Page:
WHOLives brings water to villages and safety to young girlsMar 09, 2023 10:24AM ● By Peri Kinder
When communities invest in the Village Drill, it brings clean water to the area along with opportunities for education and economic growth. The South Jordan nonprofit WHOLives provides equipment, training and support to help foster a sustainable future for generations of families. (Photo courtesy of WHOLives)
Even now, more than 2 billion people around the world do not have access to clean water for drinking, cooking or bathing. But since 2011, a nonprofit in South Jordan has provided nearly 140 water drills to 37 countries, drilling 12,000 wells and bringing clean water to 12 million people.
WHOLives has a business model that is effective and sustainable. Although many donated drills end up broken and unusable, the WHOLives Village Drill concept finds viable drilling sites and families who commit to raising a portion of the cost to purchase the drill.
“We are against the idea of just giving things to people to get them out of poverty,” John Renouard said, WHOLives founder and executive director. “It just builds pride in what they have. It builds responsibility and self-reliance that we know are important when we’re trying to lift people up.”
Teams are trained in the operations, upkeep, repair and maintenance of the drills so the wells can provide clean water for generations. Before having access to water, women and girls spent hours each day walking to water holes where the water is contaminated and unsafe to drink.
Now, with easy access to clean water, girls have the opportunity to pursue education with improved health and families can hold down jobs or create their own business to further economic growth.
“We wanted to do more than just give them water. We want them to try to solve the problem,” Renouard said. “I have immense appreciation for what we’ve done, but I also know it’s only the tip of the iceberg.”
In November 2022, Renouard and his team were installing a well at a rescue center in Kenya when they stumbled upon a terrible situation. He learned December was “cutting season” in the area, when young girls are taken from their homes to undergo female genital mutilation.
Although the practice is illegal, the mutilation happens outside the control of local authorities. Renouard was heartsick and knew he had to do something to help these young girls and bring the perpetrators to justice.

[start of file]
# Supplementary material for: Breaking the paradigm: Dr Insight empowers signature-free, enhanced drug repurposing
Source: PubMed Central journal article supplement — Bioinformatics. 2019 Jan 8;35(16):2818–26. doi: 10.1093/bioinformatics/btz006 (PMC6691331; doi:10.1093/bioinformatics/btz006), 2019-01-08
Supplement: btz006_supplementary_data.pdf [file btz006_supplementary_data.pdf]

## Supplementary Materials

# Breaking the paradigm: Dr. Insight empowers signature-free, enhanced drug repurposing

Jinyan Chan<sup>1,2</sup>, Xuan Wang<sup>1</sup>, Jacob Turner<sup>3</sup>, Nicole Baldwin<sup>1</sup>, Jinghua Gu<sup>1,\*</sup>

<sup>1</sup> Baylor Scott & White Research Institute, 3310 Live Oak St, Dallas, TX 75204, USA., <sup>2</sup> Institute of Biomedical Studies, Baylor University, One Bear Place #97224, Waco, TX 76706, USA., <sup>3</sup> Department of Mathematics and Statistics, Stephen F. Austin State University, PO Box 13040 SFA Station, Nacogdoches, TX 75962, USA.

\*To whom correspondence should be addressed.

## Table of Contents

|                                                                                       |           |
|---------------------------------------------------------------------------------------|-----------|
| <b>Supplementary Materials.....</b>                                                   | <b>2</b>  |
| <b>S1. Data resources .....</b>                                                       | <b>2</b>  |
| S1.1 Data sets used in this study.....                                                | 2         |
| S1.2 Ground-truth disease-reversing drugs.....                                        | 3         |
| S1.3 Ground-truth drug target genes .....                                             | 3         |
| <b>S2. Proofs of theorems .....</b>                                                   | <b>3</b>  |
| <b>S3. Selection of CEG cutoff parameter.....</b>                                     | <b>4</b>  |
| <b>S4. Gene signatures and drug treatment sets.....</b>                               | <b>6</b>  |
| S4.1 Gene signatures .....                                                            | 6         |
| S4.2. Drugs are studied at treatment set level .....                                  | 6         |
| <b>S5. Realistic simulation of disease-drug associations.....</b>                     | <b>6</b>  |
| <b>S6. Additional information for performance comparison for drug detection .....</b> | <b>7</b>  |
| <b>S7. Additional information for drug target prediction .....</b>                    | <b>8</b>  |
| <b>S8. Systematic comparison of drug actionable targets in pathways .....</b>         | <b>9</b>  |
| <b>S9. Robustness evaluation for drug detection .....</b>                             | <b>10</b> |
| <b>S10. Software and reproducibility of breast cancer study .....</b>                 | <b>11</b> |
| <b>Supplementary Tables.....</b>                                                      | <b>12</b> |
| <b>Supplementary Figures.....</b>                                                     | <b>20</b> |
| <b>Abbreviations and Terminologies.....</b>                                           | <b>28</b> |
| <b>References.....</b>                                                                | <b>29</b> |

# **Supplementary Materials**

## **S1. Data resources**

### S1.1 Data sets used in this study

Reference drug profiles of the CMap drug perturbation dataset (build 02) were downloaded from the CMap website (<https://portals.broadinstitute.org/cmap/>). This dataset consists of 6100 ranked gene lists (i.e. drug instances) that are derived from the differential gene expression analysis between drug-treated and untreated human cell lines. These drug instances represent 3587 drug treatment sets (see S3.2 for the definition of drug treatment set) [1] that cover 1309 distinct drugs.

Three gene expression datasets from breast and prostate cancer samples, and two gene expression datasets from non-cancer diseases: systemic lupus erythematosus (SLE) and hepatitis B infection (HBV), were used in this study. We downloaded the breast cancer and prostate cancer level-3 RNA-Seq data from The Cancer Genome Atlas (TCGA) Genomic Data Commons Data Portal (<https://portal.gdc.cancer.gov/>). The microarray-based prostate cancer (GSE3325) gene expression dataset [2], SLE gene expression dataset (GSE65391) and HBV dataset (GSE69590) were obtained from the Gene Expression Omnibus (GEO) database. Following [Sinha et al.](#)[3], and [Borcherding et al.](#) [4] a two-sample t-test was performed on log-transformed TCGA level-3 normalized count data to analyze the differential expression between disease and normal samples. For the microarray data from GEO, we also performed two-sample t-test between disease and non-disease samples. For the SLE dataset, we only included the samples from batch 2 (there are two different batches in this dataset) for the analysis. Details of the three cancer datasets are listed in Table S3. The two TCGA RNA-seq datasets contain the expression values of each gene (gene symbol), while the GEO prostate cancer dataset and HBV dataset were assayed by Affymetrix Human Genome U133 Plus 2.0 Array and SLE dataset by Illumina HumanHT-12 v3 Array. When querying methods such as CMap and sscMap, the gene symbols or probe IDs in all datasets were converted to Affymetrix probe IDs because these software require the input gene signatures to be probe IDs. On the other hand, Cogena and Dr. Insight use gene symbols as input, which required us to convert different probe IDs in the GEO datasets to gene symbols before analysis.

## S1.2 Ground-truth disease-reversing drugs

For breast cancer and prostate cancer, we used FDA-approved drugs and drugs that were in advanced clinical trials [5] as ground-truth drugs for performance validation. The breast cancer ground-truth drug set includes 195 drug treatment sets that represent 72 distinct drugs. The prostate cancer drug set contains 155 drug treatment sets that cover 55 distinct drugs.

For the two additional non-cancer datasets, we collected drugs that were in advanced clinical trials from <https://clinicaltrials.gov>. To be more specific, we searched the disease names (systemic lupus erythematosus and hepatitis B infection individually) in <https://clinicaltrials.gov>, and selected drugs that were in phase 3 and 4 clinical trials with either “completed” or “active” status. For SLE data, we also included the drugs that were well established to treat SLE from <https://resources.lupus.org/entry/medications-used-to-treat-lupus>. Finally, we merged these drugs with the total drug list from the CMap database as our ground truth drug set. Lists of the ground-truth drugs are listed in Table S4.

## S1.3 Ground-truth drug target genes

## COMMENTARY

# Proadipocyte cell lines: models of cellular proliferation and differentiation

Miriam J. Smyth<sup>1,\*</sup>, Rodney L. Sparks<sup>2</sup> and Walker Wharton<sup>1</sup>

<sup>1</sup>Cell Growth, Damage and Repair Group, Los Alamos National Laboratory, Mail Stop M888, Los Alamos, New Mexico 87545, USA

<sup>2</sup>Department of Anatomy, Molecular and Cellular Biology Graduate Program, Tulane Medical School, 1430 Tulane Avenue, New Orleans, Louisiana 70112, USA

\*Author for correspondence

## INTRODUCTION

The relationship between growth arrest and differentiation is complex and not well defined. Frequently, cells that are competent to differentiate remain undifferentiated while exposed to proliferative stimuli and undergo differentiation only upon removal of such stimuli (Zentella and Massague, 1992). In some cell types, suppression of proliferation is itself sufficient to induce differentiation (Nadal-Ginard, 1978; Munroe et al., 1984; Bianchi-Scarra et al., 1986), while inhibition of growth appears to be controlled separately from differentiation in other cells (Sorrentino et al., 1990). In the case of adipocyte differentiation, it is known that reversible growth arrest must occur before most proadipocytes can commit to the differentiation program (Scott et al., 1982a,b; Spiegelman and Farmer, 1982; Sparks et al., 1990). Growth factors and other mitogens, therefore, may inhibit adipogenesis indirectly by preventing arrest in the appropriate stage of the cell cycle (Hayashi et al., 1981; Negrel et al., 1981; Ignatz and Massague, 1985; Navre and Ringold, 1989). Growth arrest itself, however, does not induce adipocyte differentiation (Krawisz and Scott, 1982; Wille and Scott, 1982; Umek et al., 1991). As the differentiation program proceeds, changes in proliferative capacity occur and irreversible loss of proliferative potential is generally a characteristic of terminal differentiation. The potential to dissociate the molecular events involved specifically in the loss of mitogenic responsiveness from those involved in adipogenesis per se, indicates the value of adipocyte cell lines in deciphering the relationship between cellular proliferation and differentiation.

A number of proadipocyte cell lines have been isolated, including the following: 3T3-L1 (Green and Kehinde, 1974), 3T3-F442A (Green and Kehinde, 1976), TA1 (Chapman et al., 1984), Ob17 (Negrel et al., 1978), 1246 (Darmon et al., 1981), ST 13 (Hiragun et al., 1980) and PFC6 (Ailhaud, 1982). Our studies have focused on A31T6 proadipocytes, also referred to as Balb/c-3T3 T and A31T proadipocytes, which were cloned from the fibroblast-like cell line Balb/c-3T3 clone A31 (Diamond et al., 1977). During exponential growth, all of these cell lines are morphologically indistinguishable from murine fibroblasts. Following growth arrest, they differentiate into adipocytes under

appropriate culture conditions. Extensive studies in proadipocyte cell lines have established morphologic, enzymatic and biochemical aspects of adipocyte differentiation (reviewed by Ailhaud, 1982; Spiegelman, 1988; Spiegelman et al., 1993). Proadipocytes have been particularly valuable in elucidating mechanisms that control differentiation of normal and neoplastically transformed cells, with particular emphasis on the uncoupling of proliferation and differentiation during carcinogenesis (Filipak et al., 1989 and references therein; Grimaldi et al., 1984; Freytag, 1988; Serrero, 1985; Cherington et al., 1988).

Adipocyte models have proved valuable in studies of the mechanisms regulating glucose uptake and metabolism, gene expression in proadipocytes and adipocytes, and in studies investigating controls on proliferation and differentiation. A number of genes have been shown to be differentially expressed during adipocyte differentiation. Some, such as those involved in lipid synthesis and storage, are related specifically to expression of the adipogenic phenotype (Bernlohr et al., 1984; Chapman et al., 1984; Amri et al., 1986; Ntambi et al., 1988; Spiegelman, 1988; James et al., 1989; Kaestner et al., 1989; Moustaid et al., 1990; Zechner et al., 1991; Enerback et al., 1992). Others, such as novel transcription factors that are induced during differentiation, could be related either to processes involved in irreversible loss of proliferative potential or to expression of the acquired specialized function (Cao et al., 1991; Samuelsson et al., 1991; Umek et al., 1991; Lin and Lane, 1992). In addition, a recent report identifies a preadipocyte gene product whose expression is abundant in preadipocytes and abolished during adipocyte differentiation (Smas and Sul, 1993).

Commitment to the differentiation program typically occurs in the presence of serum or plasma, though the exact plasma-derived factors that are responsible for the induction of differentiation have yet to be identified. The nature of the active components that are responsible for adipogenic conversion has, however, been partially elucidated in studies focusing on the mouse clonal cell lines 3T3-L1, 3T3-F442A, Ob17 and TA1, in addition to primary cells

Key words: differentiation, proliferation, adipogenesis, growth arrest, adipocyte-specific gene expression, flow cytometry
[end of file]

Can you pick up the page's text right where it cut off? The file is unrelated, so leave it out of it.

“A few areas in Kenya still practice this horrible tradition of FGM, female genital mutilation,” he said. “They literally sell these children to older men as a fifth wife or 10th wife or 15th wife, although they’re certainly not wives, they’re indentured servants.
“We did something that no one’s ever done before. We went to the police, we went to what we would call child protective services, we went to the magistrates and had conversations with them all. We asked them what they need to fight this. The answers were mind boggling. The number one thing they needed was funds for fuel for their cars so they could go out and investigate and arrest.”
As government officials, they were only allotted a small amount of fuel, not nearly enough to travel to the remote places these mutilations were taking place. WHOLives made a deal to provide money for fuel as long as the police shared their reports with local officials to make sure they were doing the job.
Since the practice was made illegal 10 years ago, only a handful of people have been arrested for FGM. Over the last few months, officials have made more than 40 arrests with 10 people already convicted and sentenced to time in prison.
“This becomes a big deterrent for following through with this awful tradition when there’s a high chance of getting arrested,” he said. “We anticipated we’d rescue about 400 girls. At last count, it was just over 1,700 girls we were able to rescue through our state houses. So, the number of girls that got cut just plummeted.”
WHOLives coordinated safe houses for the girls at police stations and other locations and will be ready for the next cutting season in August. For more information about WHOLives, visit WHOLives.org.
“I’ve been told I should change the WHO from Water, Health and Opportunity to Women, Health and Opportunity.”